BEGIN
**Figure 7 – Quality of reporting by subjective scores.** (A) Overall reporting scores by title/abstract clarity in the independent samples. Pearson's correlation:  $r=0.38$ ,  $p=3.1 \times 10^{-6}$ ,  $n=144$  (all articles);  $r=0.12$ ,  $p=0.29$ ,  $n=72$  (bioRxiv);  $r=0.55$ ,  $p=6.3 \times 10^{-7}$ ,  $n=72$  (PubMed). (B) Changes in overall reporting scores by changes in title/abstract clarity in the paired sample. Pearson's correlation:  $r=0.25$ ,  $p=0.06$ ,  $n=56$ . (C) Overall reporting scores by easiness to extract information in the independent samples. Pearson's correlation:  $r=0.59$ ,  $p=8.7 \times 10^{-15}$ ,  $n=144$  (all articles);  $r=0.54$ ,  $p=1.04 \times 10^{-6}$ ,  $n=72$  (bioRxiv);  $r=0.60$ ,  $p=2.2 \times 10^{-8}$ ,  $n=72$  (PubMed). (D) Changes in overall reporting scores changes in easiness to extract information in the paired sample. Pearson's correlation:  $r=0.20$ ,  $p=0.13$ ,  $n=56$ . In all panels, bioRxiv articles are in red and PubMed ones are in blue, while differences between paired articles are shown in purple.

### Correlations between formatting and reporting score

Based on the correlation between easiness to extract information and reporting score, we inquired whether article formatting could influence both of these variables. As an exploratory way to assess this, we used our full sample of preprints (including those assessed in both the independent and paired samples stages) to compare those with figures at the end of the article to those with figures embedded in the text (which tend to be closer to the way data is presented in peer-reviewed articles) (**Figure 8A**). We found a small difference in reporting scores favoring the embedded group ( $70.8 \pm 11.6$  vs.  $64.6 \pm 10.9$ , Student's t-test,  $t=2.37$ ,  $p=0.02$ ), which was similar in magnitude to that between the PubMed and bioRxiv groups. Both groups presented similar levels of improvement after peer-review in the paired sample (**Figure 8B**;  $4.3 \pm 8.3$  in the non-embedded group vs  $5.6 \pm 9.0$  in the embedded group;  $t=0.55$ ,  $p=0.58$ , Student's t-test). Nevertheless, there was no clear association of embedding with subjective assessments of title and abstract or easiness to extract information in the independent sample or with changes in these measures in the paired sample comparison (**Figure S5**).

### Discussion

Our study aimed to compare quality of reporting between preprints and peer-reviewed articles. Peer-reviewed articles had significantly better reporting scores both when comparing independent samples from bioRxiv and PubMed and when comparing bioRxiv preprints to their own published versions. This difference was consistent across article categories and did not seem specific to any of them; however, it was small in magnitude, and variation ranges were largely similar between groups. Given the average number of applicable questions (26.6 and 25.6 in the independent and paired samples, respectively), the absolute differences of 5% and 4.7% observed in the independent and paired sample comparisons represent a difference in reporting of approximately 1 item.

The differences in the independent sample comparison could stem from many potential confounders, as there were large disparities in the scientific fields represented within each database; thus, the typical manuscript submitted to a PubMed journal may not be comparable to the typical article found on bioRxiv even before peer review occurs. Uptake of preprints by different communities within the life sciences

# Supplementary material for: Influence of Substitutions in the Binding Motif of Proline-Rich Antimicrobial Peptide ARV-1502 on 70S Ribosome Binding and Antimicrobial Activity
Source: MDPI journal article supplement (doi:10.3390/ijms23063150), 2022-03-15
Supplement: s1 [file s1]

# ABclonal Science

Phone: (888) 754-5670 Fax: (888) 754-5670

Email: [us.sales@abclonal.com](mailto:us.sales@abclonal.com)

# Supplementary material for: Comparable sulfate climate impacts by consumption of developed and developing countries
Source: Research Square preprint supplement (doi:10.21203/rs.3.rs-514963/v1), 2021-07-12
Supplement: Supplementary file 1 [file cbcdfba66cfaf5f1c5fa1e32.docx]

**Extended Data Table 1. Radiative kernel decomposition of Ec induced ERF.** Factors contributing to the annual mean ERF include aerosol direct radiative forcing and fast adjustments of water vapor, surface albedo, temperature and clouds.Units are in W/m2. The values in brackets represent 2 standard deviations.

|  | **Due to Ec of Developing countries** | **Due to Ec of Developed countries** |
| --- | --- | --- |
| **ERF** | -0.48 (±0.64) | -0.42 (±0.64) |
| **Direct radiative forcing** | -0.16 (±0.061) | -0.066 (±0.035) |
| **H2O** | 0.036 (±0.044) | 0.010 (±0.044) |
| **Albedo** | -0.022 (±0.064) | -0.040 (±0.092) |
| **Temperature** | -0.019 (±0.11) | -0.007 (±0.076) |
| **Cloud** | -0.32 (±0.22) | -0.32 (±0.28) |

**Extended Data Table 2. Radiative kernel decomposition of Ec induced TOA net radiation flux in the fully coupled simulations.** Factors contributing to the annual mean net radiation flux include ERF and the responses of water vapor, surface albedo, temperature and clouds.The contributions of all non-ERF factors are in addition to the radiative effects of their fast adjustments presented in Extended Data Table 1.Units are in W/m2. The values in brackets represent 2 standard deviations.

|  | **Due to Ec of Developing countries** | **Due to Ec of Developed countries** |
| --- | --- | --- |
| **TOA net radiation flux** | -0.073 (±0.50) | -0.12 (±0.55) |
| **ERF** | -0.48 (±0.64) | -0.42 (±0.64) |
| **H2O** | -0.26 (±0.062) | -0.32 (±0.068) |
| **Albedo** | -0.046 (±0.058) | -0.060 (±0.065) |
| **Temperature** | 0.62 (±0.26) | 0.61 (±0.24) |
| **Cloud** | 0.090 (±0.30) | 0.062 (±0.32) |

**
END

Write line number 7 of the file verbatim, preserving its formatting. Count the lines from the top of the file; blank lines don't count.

# Supplementary material for: Influence of Substitutions in the Binding Motif of Proline-Rich Antimicrobial Peptide ARV-1502 on 70S Ribosome Binding and Antimicrobial Activity